I went to get some milk today for my cereal. It was Rs. 155 for a liter of Ambewela (which I bought) and Rs. 165 for 250g of Rathi powdered milk. I mention this only because milk is the latest flash point in Sri Lanka’s ongoing consumer trauma. Just a few days ago, local farmers were so pissed at low profitability that they were pouring milk down the Hatton streets, even bathing in it. In response, the government has raised taxes on (imported) milk powder by 15%. The end result, however, is one more higher priced consumer good.
I sympathize with the local farmers, but supply and demand isn’t something the government can manufacture. Honestly, I don’t get the demand for powdered milk at all. I do wish milk would come in something beside paper cartons that make me spill everywhere, but I still buy Ambewela, which comes from Nuwara Eliya apparently. I should note that I only buy Ambewela because like two years ago they gave me a free glass with every two-pack. At this point I had no glasses and this seemed like a win. They stopped giving the glasses 1.5 years ago, and yet I still blindly buy Ambewela. So perhaps better marketing would help.
That said, apparently prices have gotten so divergent that many distributors are simply not buying local milk anymore, with the exception of big chains like Cargills. Hence the farmers are protesting.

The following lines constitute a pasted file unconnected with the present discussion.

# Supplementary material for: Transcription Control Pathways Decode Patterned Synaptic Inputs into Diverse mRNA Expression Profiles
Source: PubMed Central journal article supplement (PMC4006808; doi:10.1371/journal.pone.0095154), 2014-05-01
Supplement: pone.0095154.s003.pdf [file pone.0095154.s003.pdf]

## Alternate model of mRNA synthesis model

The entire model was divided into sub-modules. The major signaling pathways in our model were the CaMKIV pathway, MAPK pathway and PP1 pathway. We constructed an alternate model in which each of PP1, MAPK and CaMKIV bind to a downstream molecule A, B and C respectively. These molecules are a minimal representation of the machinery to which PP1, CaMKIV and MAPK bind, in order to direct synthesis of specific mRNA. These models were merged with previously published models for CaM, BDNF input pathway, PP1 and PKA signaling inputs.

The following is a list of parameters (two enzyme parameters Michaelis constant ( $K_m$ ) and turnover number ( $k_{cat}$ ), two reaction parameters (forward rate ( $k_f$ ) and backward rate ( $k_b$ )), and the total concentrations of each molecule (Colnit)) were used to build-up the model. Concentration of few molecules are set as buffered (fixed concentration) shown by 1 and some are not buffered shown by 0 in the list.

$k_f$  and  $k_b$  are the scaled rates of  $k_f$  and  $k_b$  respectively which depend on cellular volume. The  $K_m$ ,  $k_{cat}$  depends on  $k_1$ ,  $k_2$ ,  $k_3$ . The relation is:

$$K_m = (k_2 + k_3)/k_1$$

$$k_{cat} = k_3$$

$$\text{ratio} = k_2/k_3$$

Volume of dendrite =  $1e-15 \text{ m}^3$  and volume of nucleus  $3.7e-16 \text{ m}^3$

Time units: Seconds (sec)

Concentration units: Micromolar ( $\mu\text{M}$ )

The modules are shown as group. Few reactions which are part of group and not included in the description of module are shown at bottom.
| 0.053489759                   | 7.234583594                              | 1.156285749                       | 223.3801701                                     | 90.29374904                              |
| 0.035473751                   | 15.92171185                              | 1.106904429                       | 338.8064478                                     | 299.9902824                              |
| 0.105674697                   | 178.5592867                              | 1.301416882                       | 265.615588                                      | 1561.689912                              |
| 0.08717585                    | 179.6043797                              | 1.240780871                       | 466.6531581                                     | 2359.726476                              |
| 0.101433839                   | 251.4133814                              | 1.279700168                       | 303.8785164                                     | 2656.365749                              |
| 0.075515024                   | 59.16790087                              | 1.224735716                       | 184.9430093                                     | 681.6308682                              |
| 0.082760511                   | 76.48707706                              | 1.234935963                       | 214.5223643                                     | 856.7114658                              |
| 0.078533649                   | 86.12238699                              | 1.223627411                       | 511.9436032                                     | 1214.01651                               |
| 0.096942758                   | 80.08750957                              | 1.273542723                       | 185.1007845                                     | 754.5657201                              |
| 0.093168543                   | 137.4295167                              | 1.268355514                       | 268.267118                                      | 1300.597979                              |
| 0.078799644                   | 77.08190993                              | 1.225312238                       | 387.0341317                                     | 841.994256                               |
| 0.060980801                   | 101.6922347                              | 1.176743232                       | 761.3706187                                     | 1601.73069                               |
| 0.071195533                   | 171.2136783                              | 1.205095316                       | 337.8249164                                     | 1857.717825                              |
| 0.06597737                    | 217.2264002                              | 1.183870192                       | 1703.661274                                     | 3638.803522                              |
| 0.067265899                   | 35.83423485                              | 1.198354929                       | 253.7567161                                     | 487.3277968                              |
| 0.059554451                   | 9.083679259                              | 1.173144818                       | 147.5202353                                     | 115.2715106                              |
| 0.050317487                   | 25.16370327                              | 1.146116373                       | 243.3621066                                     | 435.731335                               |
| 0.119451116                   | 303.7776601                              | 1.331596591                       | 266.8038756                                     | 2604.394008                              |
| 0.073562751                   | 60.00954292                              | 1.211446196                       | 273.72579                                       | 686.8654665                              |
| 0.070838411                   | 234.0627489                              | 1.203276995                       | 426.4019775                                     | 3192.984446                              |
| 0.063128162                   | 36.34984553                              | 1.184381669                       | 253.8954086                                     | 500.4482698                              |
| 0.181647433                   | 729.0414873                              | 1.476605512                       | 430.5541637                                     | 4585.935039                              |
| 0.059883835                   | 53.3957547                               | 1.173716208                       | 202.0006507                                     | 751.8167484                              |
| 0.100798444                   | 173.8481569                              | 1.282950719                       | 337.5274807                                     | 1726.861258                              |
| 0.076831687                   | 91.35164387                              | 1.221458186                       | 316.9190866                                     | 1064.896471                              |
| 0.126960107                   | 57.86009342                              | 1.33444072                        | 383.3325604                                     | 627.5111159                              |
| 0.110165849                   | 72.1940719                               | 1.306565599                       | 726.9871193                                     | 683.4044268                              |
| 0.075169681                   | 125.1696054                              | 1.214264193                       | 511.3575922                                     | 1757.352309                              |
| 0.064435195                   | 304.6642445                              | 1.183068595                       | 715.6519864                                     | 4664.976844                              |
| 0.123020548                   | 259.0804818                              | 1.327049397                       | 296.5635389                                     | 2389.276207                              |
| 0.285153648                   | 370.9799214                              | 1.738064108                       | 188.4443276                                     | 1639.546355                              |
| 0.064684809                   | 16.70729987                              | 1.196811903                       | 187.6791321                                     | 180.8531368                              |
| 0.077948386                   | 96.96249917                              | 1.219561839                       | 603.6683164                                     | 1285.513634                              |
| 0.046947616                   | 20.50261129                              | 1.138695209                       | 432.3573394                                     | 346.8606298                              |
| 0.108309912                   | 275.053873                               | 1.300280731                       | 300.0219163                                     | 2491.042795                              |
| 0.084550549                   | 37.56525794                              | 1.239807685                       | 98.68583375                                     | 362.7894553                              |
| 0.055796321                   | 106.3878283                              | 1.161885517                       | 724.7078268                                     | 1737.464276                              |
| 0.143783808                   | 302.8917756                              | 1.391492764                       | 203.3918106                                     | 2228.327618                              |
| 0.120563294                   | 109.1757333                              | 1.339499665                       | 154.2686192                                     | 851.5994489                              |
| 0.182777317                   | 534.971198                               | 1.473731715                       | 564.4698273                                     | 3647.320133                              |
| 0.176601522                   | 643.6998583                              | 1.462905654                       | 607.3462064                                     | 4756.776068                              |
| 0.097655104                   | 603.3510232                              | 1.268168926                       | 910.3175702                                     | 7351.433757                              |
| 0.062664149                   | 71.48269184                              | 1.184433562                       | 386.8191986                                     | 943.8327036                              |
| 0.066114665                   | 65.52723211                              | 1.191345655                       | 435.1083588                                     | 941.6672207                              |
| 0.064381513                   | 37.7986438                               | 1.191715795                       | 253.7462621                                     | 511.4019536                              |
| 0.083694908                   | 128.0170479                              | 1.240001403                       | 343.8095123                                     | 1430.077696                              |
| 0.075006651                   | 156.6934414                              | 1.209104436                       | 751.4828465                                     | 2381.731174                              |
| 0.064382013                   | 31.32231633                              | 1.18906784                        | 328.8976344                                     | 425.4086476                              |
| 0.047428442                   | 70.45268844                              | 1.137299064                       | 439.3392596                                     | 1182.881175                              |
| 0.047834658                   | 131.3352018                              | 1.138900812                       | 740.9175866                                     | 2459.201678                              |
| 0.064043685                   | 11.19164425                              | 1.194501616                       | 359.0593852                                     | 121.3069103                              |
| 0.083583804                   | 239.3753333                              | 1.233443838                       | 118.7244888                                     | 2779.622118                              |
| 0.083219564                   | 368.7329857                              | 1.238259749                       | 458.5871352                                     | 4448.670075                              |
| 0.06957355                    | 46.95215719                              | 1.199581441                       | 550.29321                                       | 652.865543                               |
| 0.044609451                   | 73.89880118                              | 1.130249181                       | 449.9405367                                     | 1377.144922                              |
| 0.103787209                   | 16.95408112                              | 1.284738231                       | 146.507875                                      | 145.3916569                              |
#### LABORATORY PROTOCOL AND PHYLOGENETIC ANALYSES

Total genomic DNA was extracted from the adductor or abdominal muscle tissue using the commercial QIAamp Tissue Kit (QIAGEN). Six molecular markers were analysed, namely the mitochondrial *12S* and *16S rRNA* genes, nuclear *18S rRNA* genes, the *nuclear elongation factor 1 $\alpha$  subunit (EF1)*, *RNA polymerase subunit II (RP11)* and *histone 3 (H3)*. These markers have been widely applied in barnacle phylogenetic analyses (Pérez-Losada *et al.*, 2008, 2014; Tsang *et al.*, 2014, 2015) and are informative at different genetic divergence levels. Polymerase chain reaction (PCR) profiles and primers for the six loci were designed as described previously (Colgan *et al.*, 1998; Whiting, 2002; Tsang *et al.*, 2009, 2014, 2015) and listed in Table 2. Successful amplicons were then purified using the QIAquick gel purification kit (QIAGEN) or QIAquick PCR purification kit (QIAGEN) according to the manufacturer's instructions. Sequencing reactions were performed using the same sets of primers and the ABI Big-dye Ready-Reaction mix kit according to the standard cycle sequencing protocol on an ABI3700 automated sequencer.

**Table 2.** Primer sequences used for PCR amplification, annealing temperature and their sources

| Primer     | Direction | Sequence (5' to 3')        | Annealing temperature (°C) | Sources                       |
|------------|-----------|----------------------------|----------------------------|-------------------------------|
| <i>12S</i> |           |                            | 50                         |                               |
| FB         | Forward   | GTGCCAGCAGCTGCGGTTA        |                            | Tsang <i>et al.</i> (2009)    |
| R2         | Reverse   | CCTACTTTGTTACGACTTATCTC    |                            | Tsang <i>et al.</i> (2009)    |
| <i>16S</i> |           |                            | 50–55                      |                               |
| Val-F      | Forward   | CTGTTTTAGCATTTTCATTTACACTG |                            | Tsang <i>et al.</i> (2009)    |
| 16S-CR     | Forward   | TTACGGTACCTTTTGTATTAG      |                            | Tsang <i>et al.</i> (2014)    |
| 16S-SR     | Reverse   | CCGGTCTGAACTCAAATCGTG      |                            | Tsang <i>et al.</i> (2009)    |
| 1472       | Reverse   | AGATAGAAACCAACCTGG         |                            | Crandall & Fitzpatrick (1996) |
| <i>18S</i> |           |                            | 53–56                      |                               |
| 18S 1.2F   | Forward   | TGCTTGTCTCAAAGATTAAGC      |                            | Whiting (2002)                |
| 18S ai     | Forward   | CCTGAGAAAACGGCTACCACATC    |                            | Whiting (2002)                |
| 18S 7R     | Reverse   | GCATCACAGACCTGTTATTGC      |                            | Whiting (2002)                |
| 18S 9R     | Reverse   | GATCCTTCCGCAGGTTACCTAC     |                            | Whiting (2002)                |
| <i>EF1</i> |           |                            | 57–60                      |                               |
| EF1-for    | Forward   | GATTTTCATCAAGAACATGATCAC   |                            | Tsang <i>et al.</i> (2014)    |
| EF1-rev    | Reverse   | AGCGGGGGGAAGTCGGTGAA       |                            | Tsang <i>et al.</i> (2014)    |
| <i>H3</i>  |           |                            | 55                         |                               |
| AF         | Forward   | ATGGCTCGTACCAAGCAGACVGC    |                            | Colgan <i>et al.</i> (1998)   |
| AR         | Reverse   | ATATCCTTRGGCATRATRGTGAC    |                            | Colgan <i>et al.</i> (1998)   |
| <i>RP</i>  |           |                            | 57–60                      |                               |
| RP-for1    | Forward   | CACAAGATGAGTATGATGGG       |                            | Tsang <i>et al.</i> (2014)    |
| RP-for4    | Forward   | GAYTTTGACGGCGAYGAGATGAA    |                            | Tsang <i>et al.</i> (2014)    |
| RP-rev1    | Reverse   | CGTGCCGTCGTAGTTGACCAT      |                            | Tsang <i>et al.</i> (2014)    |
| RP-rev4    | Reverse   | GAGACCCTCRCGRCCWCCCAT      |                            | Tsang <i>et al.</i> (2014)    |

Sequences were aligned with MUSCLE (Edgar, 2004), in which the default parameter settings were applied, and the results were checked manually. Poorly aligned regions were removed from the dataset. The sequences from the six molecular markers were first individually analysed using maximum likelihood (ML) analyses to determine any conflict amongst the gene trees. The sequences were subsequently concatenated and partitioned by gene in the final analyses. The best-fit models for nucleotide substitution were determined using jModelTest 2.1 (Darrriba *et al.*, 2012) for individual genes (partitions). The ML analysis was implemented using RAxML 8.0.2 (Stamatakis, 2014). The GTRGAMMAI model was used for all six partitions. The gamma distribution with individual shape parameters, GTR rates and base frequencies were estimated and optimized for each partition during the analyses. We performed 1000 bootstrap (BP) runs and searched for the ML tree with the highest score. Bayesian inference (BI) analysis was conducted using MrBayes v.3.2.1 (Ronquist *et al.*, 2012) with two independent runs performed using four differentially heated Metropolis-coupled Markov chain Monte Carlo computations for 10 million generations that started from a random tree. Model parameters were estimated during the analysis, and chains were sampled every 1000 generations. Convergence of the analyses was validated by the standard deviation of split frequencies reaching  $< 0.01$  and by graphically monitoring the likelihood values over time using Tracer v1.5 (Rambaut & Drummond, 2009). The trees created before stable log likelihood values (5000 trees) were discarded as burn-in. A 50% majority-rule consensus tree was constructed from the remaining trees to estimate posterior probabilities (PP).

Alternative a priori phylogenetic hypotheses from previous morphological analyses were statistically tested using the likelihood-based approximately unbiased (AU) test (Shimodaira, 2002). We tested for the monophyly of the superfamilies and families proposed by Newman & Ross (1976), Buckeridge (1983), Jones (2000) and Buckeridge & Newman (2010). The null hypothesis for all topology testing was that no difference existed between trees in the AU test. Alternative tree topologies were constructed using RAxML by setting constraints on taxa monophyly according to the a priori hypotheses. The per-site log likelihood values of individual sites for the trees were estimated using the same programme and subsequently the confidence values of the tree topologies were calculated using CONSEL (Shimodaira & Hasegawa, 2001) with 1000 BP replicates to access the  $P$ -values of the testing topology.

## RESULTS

The traditional government response, however, is bad economics, which ultimately hits the consumer. It’s protectionism, trying to limit imports, but for a country like ours (any country really) it really doesn’t work. It’s like pushing air around a limp balloon. The pressure will just pop up somewhere else. In this case, the government is effectively subsidizing dairy farms at the expense of all consumers (who buy milk). I mean, I buy milk like once a month, but people with families buy it every week.
There’s a subcontinental fetish with milk products – especially for children – as you can see from advertising. Horlicks, Milo, Nestomalt – all are considered an essential extension of mother’s love. Plus milk tea is often more milk than tea. Hence, these are items that people buy constantly and if they are buying milk powder it’s probably out of economic necessity. Now, however, milk powder is up by Rs. 92 a kilo, so presumably without taxes it would be much cheaper than it is. This is another essential good like tinned fish, which is also imported and taxed heavily.
So, do I think it’s good policy to subsidize Sri Lankan dairy farmers? No, not really, because it comes at the expense of Sri Lankan consumers and creates another inefficient subsidy. It is, however, almost necessary politics.
In other news, my cereal had ants in it. I would eat them out of hostility, but they taste bad.